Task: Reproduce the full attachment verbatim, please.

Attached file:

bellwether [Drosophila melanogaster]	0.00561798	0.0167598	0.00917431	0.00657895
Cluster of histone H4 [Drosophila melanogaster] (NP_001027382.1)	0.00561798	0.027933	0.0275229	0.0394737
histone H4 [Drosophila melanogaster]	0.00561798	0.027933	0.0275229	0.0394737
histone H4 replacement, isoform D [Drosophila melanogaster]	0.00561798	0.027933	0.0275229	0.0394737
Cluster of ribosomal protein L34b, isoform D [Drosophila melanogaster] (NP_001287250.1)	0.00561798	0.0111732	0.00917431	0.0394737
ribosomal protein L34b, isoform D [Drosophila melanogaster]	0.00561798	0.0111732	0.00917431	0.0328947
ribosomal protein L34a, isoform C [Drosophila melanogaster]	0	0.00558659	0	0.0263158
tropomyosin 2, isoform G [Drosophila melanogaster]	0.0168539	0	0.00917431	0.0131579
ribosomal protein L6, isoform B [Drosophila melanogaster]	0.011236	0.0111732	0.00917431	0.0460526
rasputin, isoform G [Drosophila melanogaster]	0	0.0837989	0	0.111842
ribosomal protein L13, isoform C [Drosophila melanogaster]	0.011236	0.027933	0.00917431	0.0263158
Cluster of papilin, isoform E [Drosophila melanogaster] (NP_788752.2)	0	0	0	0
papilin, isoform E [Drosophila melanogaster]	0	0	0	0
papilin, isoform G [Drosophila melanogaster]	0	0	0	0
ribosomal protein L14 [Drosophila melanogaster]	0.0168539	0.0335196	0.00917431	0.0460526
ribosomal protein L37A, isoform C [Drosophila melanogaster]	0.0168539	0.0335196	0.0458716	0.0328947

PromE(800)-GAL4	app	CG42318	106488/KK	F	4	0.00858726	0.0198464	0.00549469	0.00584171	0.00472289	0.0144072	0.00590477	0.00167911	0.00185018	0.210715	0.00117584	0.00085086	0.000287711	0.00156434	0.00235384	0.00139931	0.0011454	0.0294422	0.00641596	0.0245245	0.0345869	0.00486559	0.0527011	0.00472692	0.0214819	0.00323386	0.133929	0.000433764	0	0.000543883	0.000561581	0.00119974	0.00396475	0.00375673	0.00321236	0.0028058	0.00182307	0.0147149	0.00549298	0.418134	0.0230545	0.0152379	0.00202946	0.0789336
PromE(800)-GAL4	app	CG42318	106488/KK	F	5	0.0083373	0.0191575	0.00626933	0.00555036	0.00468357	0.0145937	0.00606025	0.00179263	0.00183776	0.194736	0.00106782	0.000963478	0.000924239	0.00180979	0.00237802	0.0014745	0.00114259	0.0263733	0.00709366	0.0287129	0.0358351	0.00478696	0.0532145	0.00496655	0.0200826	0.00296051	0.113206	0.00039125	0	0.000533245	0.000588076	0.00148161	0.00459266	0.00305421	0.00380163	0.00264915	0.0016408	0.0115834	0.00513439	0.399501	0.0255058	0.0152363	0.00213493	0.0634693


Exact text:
bellwether [Drosophila melanogaster]	0.00561798	0.0167598	0.00917431	0.00657895
Cluster of histone H4 [Drosophila melanogaster] (NP_001027382.1)	0.00561798	0.027933	0.0275229	0.0394737
histone H4 [Drosophila melanogaster]	0.00561798	0.027933	0.0275229	0.0394737
histone H4 replacement, isoform D [Drosophila melanogaster]	0.00561798	0.027933	0.0275229	0.0394737
Cluster of ribosomal protein L34b, isoform D [Drosophila melanogaster] (NP_001287250.1)	0.00561798	0.0111732	0.00917431	0.0394737
ribosomal protein L34b, isoform D [Drosophila melanogaster]	0.00561798	0.0111732	0.00917431	0.0328947
ribosomal protein L34a, isoform C [Drosophila melanogaster]	0	0.00558659	0	0.0263158
tropomyosin 2, isoform G [Drosophila melanogaster]	0.0168539	0	0.00917431	0.0131579
ribosomal protein L6, isoform B [Drosophila melanogaster]	0.011236	0.0111732	0.00917431	0.0460526
rasputin, isoform G [Drosophila melanogaster]	0	0.0837989	0	0.111842
ribosomal protein L13, isoform C [Drosophila melanogaster]	0.011236	0.027933	0.00917431	0.0263158
Cluster of papilin, isoform E [Drosophila melanogaster] (NP_788752.2)	0	0	0	0
papilin, isoform E [Drosophila melanogaster]	0	0	0	0
papilin, isoform G [Drosophila melanogaster]	0	0	0	0
ribosomal protein L14 [Drosophila melanogaster]	0.0168539	0.0335196	0.00917431	0.0460526
ribosomal protein L37A, isoform C [Drosophila melanogaster]	0.0168539	0.0335196	0.0458716	0.0328947

PromE(800)-GAL4	app	CG42318	106488/KK	F	4	0.00858726	0.0198464	0.00549469	0.00584171	0.00472289	0.0144072	0.00590477	0.00167911	0.00185018	0.210715	0.00117584	0.00085086	0.000287711	0.00156434	0.00235384	0.00139931	0.0011454	0.0294422	0.00641596	0.0245245	0.0345869	0.00486559	0.0527011	0.00472692	0.0214819	0.00323386	0.133929	0.000433764	0	0.000543883	0.000561581	0.00119974	0.00396475	0.00375673	0.00321236	0.0028058	0.00182307	0.0147149	0.00549298	0.418134	0.0230545	0.0152379	0.00202946	0.0789336
PromE(800)-GAL4	app	CG42318	106488/KK	F	5	0.0083373	0.0191575	0.00626933	0.00555036	0.00468357	0.0145937	0.00606025	0.00179263	0.00183776	0.194736	0.00106782	0.000963478	0.000924239	0.00180979	0.00237802	0.0014745	0.00114259	0.0263733	0.00709366	0.0287129	0.0358351	0.00478696	0.0532145	0.00496655	0.0200826	0.00296051	0.113206	0.00039125	0	0.000533245	0.000588076	0.00148161	0.00459266	0.00305421	0.00380163	0.00264915	0.0016408	0.0115834	0.00513439	0.399501	0.0255058	0.0152363	0.00213493	0.0634693